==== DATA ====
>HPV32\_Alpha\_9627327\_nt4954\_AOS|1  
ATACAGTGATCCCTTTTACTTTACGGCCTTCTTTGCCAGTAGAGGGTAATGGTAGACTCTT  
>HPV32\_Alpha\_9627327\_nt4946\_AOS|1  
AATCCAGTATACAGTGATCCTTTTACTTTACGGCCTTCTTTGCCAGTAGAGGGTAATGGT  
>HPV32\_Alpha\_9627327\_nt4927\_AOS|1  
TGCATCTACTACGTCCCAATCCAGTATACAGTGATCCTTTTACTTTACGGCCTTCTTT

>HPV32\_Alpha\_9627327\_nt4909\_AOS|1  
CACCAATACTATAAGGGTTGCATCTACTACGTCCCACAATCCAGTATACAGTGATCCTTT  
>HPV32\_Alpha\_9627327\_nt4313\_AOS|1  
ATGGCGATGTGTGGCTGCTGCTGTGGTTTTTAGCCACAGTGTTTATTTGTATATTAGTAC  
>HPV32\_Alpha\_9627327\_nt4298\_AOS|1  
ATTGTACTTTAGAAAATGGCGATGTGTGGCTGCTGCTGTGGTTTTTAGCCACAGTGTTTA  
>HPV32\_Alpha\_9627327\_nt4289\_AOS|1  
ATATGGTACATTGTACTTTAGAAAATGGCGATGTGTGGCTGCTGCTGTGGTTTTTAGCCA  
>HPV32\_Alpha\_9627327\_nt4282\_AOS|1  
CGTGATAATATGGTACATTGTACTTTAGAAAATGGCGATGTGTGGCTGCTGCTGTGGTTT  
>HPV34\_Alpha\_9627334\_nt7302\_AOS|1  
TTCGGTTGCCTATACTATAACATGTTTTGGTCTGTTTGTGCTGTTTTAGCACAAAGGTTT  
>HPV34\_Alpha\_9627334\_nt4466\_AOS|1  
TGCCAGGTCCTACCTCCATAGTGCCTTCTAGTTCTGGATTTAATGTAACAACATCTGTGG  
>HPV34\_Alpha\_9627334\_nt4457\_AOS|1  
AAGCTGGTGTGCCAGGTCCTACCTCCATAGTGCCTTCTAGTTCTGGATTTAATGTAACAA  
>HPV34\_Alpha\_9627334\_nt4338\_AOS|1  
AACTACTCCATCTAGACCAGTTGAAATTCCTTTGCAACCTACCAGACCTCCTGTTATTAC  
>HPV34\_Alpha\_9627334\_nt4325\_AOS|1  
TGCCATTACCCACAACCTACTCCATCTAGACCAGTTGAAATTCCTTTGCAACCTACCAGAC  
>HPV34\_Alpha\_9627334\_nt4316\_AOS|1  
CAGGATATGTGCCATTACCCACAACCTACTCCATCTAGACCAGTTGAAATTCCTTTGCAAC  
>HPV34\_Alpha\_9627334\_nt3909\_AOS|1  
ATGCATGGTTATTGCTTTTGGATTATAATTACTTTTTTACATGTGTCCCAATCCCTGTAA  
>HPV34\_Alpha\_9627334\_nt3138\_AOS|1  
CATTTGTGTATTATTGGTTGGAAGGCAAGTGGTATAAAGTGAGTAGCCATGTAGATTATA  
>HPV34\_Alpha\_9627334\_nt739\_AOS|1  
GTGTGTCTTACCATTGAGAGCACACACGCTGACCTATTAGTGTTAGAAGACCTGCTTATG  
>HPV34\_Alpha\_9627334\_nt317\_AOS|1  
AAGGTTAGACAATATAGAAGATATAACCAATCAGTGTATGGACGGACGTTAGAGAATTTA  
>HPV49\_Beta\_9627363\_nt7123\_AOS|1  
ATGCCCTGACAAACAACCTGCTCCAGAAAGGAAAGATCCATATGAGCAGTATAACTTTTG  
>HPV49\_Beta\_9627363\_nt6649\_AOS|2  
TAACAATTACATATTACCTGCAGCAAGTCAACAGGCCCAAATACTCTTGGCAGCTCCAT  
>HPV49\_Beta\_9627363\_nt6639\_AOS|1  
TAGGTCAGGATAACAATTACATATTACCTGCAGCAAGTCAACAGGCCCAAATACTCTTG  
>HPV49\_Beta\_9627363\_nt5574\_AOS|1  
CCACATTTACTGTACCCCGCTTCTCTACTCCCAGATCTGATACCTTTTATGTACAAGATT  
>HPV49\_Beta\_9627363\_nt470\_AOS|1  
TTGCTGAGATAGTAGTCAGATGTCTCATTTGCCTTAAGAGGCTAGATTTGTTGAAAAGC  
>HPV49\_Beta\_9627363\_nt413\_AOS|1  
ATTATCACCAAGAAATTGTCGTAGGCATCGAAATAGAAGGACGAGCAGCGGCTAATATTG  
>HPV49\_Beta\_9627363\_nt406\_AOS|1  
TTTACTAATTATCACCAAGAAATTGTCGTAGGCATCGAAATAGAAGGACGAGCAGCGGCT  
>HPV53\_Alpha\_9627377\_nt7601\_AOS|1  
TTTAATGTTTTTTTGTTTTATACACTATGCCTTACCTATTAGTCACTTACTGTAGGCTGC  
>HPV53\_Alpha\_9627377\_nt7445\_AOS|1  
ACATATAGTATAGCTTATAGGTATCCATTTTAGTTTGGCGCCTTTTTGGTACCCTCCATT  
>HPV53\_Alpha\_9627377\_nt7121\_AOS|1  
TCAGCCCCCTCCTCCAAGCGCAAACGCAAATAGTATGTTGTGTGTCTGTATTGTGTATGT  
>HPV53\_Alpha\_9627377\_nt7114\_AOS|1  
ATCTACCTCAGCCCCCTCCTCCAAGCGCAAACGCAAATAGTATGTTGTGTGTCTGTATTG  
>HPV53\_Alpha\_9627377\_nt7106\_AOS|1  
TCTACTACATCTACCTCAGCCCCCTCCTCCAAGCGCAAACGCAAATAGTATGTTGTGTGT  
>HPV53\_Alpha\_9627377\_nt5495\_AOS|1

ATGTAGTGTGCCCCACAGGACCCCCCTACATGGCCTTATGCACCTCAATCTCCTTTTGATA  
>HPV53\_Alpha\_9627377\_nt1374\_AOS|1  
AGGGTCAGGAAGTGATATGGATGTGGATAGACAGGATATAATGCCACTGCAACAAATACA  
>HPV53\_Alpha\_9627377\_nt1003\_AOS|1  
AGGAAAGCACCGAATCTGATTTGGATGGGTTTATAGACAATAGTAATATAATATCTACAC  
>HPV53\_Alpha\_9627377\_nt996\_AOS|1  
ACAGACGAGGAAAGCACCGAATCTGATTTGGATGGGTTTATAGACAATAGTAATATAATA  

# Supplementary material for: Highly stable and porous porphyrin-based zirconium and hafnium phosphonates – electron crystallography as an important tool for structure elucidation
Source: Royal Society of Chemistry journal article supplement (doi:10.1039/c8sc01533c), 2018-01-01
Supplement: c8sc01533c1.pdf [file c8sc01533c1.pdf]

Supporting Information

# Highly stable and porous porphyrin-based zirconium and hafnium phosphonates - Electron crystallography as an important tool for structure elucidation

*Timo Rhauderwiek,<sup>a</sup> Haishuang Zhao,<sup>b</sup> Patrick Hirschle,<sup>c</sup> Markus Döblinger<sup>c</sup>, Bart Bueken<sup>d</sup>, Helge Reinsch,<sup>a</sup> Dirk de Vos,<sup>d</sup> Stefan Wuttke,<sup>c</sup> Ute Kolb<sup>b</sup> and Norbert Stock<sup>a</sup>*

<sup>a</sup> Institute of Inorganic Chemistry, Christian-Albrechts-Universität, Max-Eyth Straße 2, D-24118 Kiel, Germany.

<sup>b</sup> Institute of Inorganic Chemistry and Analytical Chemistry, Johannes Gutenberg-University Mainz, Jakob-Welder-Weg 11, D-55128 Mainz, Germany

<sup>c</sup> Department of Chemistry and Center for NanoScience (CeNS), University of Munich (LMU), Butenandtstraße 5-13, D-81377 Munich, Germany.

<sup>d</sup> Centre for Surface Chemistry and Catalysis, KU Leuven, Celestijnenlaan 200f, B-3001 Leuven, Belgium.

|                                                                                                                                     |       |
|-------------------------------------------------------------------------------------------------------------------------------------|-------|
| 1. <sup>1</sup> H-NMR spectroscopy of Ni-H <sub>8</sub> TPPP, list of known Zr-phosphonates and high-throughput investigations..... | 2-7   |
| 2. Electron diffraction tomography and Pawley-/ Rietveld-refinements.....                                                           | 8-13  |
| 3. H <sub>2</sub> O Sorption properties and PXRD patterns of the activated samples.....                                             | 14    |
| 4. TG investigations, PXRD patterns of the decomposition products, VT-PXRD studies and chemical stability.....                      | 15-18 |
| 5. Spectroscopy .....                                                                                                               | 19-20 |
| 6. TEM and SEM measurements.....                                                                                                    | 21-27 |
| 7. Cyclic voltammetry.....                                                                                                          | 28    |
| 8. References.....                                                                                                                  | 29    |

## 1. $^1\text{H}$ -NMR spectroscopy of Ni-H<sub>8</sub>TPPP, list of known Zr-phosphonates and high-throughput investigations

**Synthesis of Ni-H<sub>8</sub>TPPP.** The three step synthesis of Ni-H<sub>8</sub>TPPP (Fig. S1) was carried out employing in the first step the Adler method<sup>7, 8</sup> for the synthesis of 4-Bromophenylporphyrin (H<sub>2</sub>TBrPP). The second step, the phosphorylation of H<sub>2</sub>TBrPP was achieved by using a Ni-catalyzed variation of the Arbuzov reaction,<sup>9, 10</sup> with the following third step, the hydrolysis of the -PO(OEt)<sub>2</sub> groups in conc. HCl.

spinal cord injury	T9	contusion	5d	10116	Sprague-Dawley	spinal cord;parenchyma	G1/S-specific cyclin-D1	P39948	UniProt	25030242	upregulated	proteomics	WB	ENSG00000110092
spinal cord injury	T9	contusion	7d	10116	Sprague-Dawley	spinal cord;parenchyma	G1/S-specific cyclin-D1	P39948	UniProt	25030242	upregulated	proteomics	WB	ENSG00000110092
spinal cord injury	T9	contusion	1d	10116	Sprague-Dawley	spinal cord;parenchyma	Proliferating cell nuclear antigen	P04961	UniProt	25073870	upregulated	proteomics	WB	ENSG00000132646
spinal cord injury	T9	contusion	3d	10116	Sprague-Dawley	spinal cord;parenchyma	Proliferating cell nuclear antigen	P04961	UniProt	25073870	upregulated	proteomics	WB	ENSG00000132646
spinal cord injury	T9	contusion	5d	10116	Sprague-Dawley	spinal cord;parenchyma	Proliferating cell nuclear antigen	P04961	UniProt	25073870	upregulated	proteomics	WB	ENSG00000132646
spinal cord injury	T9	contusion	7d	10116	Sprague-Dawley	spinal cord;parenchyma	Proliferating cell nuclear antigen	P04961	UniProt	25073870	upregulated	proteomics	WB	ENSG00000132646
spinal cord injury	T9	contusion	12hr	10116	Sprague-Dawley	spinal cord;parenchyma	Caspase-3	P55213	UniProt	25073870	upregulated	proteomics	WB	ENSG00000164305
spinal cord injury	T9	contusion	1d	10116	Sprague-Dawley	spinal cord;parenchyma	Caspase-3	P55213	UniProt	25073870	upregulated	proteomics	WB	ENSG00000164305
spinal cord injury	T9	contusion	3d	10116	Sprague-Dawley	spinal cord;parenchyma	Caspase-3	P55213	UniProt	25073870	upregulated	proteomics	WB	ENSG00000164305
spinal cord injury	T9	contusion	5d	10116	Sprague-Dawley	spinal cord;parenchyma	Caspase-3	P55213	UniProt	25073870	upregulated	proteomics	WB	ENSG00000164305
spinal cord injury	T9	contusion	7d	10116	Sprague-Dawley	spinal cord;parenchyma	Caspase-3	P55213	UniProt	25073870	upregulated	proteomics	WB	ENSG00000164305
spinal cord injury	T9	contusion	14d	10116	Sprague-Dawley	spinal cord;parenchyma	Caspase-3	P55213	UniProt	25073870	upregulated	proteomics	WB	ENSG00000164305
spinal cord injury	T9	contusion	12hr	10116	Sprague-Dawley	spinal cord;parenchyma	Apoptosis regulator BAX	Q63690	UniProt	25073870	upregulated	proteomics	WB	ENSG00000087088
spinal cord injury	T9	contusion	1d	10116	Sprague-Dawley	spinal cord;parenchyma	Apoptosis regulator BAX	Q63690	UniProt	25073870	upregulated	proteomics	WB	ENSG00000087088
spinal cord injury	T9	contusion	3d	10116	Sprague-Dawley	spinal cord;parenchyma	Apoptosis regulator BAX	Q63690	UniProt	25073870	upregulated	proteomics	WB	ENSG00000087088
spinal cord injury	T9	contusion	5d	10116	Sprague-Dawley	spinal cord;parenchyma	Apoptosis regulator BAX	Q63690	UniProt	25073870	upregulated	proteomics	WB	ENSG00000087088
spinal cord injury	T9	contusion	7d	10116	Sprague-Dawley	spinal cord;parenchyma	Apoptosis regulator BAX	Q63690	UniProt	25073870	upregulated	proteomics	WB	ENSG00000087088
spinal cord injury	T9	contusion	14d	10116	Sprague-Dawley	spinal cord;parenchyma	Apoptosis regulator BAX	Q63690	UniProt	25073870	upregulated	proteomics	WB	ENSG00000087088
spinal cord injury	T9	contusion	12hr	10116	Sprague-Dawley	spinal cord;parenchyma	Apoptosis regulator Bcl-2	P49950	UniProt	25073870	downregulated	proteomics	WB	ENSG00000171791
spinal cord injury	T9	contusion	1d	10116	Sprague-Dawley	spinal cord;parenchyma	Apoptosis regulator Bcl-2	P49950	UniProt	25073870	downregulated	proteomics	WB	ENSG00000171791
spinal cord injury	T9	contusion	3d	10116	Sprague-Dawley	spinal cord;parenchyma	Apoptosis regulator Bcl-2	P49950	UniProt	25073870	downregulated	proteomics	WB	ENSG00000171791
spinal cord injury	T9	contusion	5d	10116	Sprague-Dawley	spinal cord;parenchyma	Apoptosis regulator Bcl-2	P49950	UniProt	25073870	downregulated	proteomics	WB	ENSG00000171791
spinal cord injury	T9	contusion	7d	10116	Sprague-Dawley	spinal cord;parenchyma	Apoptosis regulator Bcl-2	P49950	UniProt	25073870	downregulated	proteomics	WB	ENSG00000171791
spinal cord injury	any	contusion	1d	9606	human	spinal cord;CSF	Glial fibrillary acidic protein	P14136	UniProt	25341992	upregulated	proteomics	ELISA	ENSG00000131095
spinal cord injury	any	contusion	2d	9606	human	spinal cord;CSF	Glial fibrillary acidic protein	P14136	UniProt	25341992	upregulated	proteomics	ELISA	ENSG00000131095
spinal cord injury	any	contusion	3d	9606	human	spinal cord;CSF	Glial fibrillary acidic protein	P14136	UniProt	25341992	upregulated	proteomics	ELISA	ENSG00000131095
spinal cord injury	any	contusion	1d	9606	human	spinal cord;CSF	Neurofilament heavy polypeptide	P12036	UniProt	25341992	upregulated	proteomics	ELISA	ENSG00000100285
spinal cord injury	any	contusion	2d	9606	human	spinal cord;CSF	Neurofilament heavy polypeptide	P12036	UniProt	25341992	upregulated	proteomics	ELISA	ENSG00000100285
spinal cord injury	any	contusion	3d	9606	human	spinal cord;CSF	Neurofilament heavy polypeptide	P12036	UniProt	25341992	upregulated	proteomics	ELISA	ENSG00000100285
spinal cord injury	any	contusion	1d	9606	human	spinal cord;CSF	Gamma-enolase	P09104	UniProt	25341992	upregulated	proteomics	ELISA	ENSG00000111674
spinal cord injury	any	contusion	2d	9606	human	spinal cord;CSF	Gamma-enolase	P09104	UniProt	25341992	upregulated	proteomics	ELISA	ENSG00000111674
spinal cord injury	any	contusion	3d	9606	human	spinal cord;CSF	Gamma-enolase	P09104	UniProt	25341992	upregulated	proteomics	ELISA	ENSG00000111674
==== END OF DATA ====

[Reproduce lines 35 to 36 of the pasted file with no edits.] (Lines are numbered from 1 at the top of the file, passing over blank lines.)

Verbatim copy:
>HPV34\_Alpha\_9627334\_nt317\_AOS|1  
AAGGTTAGACAATATAGAAGATATAACCAATCAGTGTATGGACGGACGTTAGAGAATTTA  